This contribution explains the travails of international legal positivism (ILP) from post-modern perspectives. It identifies conventional precepts of orthodox ILP and shows how variants of post-modern thinking unravel them. The focus rests on three main such precepts and their critique: first, orthodox ILP works against the backdrop of a given language that stands stable and unsoiled from the operation of the law. Second, it embraces a political philosophy that gives the legal subject – traditionally the sovereign state – a foundational role. Third, orthodox ILP sees but a small space for politics in international law that is confined to law’s creation through legal sources. These three basic precepts relate to linguistics (the location and generation of meaning), to subjectivity (the place of state consent), and to politics (here understood as the struggle for power and its exercise). Three key concepts of post-modern thinking are introduced in order to question each of these precepts: the vivacious concept of performativity embodies lessons of the linguistic turn. Deconstruction suggests unveiling conflicting diversity underneath harmony and unity of any subject. Governmentality, finally, exposes the many faces of power. In sum, law and politics are much more entangled than ILP would traditionally have it.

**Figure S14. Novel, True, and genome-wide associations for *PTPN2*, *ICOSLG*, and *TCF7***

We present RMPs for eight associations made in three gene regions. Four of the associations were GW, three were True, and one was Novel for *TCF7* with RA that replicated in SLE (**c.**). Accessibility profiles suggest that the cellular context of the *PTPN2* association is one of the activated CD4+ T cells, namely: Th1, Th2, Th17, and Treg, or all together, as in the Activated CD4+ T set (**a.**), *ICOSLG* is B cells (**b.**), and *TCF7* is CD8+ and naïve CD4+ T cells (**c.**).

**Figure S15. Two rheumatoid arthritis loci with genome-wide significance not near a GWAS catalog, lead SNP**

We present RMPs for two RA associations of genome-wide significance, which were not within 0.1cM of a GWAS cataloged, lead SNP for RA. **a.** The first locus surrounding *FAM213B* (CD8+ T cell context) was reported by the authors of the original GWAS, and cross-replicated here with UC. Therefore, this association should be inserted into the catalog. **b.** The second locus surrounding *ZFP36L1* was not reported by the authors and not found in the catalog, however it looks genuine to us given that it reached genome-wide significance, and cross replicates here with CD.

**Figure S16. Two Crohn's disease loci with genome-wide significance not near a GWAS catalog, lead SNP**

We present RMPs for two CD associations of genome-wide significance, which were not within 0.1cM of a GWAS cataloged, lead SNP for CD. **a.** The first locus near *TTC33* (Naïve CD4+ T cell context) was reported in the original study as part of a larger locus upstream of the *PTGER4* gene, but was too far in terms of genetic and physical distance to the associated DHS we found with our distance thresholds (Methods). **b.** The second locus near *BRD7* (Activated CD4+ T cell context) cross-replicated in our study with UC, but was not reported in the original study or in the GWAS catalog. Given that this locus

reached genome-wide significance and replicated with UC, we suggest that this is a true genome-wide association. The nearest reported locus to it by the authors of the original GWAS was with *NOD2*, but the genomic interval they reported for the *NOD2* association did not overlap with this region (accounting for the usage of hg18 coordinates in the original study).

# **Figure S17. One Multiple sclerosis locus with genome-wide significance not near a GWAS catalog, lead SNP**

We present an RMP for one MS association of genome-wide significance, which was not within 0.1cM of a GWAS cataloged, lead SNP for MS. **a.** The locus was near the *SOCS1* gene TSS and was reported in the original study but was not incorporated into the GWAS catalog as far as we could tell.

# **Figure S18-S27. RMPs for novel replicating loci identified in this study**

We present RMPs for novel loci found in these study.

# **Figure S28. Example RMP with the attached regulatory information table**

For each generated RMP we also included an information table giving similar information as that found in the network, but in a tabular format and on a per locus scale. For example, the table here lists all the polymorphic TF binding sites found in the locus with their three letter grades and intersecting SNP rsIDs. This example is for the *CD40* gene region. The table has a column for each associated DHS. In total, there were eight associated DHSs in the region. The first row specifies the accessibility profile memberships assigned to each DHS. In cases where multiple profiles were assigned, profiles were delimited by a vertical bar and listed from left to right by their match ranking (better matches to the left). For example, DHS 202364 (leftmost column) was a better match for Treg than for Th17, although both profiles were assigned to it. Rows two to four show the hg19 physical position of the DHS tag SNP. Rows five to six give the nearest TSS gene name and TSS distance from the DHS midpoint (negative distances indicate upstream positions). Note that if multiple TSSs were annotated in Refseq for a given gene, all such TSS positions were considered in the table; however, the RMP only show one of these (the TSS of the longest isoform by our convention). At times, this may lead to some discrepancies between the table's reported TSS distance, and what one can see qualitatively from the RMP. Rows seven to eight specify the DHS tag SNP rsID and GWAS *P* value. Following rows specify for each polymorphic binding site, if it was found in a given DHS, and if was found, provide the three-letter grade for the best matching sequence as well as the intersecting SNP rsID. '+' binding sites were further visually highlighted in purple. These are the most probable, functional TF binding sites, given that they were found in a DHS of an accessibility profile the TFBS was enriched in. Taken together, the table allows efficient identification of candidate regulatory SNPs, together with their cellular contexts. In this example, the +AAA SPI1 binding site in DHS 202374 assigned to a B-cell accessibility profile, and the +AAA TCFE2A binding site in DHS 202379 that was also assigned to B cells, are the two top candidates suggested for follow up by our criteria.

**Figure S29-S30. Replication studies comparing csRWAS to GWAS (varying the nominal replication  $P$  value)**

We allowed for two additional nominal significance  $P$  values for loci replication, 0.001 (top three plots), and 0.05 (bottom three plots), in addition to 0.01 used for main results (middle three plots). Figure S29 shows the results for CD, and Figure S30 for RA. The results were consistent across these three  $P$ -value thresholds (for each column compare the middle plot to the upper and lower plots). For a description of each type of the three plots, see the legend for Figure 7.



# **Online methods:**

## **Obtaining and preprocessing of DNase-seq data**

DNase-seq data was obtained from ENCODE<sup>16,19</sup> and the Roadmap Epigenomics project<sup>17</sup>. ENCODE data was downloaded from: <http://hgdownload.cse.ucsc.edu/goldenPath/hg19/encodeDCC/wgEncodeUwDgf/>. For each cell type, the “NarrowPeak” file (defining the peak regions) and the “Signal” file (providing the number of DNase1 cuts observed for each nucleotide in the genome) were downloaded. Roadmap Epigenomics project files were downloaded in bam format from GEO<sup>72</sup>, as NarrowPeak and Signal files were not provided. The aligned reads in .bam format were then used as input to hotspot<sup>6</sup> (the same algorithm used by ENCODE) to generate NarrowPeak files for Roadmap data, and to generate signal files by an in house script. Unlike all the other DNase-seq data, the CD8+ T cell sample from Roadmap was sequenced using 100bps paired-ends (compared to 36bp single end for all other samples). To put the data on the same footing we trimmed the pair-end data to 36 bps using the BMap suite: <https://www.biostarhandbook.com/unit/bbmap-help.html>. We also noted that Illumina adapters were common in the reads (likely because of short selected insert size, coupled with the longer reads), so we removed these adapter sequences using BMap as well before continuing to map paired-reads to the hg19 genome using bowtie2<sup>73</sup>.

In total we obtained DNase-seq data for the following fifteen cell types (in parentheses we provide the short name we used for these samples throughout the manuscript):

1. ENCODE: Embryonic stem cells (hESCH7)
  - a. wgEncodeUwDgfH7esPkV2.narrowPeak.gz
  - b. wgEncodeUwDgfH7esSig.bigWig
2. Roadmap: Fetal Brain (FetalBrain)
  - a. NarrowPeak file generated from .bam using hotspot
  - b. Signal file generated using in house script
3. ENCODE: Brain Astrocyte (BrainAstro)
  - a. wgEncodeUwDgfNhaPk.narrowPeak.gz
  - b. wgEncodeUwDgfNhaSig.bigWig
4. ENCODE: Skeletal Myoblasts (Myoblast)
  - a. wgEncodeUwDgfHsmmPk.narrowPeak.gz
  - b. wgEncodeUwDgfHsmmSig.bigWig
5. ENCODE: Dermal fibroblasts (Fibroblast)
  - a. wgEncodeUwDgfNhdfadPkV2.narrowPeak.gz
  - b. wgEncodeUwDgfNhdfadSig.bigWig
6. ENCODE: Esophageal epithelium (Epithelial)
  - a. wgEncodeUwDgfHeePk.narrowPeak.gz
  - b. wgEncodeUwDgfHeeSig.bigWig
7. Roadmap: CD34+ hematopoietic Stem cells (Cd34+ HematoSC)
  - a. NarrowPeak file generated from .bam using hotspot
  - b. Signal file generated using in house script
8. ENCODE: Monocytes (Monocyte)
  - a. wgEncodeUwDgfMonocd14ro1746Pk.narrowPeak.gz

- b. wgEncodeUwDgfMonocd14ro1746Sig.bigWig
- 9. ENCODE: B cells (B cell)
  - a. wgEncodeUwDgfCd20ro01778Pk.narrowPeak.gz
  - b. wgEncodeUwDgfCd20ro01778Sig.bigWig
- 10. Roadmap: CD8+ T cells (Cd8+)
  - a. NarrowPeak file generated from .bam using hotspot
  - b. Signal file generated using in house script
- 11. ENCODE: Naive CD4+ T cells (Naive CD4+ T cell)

Tuesday, November 5, 2013
Venzke: Post-Modern Perspectives on Orthodox Positivism
Ingo Venzke (Univ. of Amsterdam - Law) has posted Post-Modern Perspectives on Orthodox Positivism (in International Legal Positivism In A Post-Modern World, Jean d’Aspremont & Jörg Kammerhofer eds., forthcoming). Here's the abstract: